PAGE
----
Thursday 19 April 2012

FTDNA sale for DNA day

Family Tree DNA is having a two-day sale in celebration of  DNA Day (25th April), the anniversary of the day on which James Watson, Francis Crick, Maurice Wilkins, Rosalind Franklin and colleagues published papers in the journal Nature on the structure of DNA.

The following notice is taken from the announcement sent out to project administrators:

Nearly the entire offering will be on sale these two days, including upgrades that were not on last year's sale. The sale will begin at 6pm Thursday April 19th and will conclude at 11:59pm on Saturday April 21st.

There will be no need for a coupon - all prices will be automatically adjusted on the website.

We hope that this will give a big boost to your projects!

New Kits
Current Group Price SALE PRICE
Y-DNA 12 $99 $59
mtDNA $99 $59
Y-DNA 37 $149 $129
Y-DNA 67 $238 $199
Family Finder $289 $199
mtFullSequence (FMS) $299 $249
Y-DNA 12 + mtDNA $179 $118
FF + Y-DNA 12 $339 $258
FF + mtDNA $339 $258
FF+ Y-DNA 37 $438 $328
FF + mtDNAPlus $438 $328
Comprehensive (FF + FMS + Y-DNA 67) $797 $657
Y-DNA 12 $89 $59
mtDNA add-on $89 $59
Y-DNA 12-37 Marker $99 $69
Y-DNA 37-67 Marker $99 $79
Y-DNA 12-67 Marker $199 $148
mtFullSequence upgrade (HVR1 to Mega) $269 $199
mtFullSequence upgrade (HVR2 to Mega) $269 $199
mtFullSequence add-on $289 $219
Family Finder add-on $289 $199

Note that all prices are in US dollars. The times cited are for the local time in Houston, Texas.

Thursday 5 April 2012

Major revision of the mtDNA tree

An important new paper has today been published in the American Journal of Human Genetics which proposes a major revision to the mitochondrial DNA tree. The abstract says:
Mutational events along the human mtDNA phylogeny are traditionally identified relative to the revised Cambridge Reference Sequence, a contemporary European sequence published in 1981. This historical choice is a continuous source of inconsistencies, misinterpretations, and errors in medical, forensic, and population genetic studies. Here, after having refined the human mtDNA phylogeny to an unprecedented level by adding information from 8,216 modern mitogenomes, we propose switching the reference to a Reconstructed Sapiens Reference Sequence, which was identified by considering all available mitogenomes from Homo neanderthalensis. This ''Copernican'' reassessment of the human mtDNA tree from its deepest root should resolve previous problems and will have a substantial practical and educational influence on the scientific and public perception of human evolution by clarifying the core principles of common ancestry for extant descendants.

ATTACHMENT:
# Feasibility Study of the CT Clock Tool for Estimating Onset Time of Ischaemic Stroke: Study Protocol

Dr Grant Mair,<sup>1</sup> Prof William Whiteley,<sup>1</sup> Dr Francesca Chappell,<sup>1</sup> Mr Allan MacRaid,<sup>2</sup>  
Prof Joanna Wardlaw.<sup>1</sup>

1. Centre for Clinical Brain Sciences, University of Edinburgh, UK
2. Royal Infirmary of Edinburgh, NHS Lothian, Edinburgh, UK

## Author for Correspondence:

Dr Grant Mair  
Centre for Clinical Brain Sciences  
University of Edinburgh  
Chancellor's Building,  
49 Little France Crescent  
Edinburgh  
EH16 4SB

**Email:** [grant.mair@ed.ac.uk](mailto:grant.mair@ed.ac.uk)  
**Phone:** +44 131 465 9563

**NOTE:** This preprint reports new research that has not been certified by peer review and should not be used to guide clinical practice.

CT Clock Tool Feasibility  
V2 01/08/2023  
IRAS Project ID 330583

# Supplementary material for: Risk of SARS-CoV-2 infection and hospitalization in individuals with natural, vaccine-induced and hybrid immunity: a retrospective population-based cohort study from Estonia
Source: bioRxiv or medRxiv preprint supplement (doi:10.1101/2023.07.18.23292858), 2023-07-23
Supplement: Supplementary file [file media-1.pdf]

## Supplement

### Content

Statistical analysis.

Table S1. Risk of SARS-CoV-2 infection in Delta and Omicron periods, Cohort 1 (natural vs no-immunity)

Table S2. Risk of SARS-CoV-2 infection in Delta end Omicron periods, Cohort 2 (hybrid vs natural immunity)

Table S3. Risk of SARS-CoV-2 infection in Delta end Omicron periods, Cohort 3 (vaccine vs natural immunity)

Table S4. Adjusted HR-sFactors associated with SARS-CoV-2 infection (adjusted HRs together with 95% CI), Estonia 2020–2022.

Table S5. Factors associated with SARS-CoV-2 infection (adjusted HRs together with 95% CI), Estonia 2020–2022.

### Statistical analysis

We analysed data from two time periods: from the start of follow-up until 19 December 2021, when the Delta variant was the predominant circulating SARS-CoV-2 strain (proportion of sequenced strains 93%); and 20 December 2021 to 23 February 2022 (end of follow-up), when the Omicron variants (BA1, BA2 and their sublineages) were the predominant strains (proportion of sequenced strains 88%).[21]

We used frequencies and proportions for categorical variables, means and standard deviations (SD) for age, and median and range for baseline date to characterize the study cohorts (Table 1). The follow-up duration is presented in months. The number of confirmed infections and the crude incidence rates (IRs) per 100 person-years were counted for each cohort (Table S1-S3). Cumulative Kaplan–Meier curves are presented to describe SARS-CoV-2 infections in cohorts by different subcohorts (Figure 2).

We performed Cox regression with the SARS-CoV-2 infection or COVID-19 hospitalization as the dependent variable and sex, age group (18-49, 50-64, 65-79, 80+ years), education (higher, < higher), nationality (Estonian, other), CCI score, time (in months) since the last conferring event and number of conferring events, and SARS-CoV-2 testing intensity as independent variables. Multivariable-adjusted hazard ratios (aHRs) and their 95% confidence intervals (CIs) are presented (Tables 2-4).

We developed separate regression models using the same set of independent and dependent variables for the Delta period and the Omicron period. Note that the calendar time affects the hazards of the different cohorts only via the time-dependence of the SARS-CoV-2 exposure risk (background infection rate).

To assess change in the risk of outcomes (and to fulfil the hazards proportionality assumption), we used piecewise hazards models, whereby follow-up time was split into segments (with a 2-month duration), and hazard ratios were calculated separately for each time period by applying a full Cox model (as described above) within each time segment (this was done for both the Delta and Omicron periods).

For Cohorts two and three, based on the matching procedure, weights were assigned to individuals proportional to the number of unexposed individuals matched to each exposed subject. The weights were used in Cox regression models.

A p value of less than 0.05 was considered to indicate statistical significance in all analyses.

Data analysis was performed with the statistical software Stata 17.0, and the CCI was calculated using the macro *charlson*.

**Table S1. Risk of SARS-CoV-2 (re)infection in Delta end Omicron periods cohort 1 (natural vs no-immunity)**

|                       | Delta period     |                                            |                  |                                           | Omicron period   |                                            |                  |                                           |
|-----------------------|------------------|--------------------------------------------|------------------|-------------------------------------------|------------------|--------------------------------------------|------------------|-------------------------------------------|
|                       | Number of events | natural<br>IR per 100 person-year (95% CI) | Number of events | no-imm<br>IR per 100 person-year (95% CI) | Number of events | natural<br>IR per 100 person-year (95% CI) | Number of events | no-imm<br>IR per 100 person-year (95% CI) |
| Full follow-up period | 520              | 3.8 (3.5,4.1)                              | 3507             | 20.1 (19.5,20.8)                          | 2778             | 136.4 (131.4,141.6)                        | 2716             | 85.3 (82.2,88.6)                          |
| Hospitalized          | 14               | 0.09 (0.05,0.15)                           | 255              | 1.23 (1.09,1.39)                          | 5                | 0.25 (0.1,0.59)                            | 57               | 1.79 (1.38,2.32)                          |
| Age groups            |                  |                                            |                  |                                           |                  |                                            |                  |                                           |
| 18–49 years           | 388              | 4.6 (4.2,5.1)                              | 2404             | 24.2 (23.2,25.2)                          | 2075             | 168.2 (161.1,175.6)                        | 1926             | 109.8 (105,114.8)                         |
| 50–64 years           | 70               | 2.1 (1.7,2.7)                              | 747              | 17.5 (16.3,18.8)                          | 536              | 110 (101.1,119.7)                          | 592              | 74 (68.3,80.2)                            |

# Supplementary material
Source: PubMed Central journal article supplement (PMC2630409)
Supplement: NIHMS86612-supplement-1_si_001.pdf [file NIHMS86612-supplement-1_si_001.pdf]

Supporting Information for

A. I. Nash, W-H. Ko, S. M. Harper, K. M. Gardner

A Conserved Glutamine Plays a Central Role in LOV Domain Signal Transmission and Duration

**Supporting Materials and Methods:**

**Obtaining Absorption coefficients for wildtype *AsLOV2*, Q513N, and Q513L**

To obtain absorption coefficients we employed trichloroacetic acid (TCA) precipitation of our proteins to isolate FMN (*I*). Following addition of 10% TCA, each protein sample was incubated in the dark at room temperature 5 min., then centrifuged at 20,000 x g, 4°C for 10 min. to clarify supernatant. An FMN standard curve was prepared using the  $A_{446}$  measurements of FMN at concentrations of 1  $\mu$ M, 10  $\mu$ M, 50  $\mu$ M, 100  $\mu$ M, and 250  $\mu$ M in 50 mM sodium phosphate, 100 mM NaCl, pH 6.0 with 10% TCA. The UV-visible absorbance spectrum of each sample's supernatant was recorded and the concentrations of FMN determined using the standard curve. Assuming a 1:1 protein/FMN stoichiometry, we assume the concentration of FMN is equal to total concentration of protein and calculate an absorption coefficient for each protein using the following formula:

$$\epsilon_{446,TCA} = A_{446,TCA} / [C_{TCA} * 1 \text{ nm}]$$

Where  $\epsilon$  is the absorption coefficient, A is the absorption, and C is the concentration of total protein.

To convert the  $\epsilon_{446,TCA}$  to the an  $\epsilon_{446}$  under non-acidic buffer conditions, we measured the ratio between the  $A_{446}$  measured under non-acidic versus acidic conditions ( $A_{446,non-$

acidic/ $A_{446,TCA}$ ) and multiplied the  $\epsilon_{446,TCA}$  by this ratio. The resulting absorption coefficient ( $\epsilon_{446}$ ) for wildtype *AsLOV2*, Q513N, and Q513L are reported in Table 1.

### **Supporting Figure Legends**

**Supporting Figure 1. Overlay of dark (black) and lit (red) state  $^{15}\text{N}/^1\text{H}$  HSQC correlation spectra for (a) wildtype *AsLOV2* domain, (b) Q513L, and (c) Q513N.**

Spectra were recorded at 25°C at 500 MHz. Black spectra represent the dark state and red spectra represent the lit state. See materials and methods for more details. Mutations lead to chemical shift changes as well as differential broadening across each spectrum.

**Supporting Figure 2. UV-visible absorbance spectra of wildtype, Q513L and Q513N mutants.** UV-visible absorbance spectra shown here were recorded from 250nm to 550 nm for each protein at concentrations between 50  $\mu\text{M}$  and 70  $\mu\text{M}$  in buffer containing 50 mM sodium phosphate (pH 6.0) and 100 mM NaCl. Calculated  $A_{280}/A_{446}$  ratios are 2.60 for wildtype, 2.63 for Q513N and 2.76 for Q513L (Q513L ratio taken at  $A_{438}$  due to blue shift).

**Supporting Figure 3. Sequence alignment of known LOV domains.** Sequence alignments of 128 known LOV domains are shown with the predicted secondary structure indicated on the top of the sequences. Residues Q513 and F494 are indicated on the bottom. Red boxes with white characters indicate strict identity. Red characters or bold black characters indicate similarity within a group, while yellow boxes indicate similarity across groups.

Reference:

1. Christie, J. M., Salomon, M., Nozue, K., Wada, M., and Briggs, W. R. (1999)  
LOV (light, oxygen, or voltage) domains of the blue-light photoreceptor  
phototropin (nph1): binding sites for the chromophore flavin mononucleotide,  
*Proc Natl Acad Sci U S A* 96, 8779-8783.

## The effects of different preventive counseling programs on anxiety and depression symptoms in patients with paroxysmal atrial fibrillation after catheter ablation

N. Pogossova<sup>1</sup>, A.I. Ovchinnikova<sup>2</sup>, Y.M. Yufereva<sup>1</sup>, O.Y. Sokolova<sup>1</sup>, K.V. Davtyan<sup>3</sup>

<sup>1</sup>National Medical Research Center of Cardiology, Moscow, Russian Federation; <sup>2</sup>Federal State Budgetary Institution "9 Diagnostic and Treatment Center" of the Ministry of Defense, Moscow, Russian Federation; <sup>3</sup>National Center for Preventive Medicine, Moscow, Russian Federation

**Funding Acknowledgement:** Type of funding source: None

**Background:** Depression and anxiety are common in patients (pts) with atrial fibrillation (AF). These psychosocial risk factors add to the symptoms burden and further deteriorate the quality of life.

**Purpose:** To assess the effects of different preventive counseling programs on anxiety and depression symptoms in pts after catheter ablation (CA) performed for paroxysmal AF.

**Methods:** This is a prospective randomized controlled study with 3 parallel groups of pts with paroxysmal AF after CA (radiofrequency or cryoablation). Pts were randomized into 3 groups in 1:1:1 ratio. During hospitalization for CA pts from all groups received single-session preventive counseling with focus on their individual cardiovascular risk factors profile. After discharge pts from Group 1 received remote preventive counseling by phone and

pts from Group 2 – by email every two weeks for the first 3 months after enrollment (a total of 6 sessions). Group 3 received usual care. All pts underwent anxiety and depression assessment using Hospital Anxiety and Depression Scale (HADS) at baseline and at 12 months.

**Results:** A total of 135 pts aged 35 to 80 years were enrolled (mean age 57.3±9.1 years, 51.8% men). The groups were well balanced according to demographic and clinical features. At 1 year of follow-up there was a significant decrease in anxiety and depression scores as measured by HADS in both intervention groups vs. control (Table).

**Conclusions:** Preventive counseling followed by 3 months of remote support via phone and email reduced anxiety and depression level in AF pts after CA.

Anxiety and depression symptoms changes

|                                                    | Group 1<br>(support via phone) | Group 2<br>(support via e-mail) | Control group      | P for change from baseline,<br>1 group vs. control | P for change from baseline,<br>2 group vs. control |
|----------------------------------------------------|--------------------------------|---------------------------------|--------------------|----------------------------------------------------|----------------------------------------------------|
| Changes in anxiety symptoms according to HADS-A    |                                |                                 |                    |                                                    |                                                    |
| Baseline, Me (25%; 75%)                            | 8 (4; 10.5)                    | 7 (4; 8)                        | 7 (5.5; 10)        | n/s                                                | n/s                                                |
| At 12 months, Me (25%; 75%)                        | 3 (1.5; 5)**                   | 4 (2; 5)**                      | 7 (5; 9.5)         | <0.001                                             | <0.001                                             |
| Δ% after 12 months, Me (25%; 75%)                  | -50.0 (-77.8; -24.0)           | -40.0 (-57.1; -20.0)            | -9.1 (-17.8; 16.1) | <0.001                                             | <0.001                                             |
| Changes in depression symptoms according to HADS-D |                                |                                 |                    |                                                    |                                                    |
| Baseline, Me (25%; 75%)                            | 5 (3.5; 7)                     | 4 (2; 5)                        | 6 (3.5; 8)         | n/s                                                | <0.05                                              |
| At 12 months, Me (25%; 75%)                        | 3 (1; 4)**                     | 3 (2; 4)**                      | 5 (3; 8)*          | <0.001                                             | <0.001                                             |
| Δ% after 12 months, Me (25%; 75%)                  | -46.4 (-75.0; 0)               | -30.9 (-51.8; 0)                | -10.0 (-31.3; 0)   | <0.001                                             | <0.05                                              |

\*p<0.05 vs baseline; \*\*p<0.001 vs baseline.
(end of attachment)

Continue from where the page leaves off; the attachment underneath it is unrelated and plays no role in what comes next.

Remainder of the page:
The full paper can be read here.

Many of the sequences that were used in this paper to refine the mtDNA tree were submitted by customers of Family Tree DNA (including me!) who had taken the full mitochondrial sequence test and made their results available for research purposes. Rebekah Canada and Bill Hurst, the volunteer administrators of the haplogroup H and K projects helped with the H and K results. The authors publicly acknowledge the contribution of the genetic genealogy community in their acknowledgements: "We thank the genealogical community for donating their privately obtained complete mtDNA sequences for scientific studies and FamilyTreeDNA for compiling the data. We thank FamilyTreeDNA for supporting the establishment of the herein released website. We thank Eileen Krauss-Murphy of FamilyTreeDNA for help with assembly of the database. We thank Rebekah Canada and William R. Hurst for help with the assembly of haplogroup H and K samples, respectively."

A new mtDNA community website has been launched to accompany the paper. Anyone with full mitochondrial sequence results can upload their results to this website and get an up-to-date haplogroup assignment.

The mtDNA tree can also by seen at Phylotree which has just released Build 14 to account for the big change. Mannis Van Oven, who maintains the Phylotree website, is one of the authors of the new paper. The 4,265 mtDNA full sequence results used for this new paper, including a substantial proportion from FTDNA customers, are being added to the GenBank research database. There are already 1,237 FTDNA customer-submitted results on GenBank. Private submissions from FTDNA customers will now constitute almost half of the mtDNA sequences on GenBank.

©2012 Debbie Kennett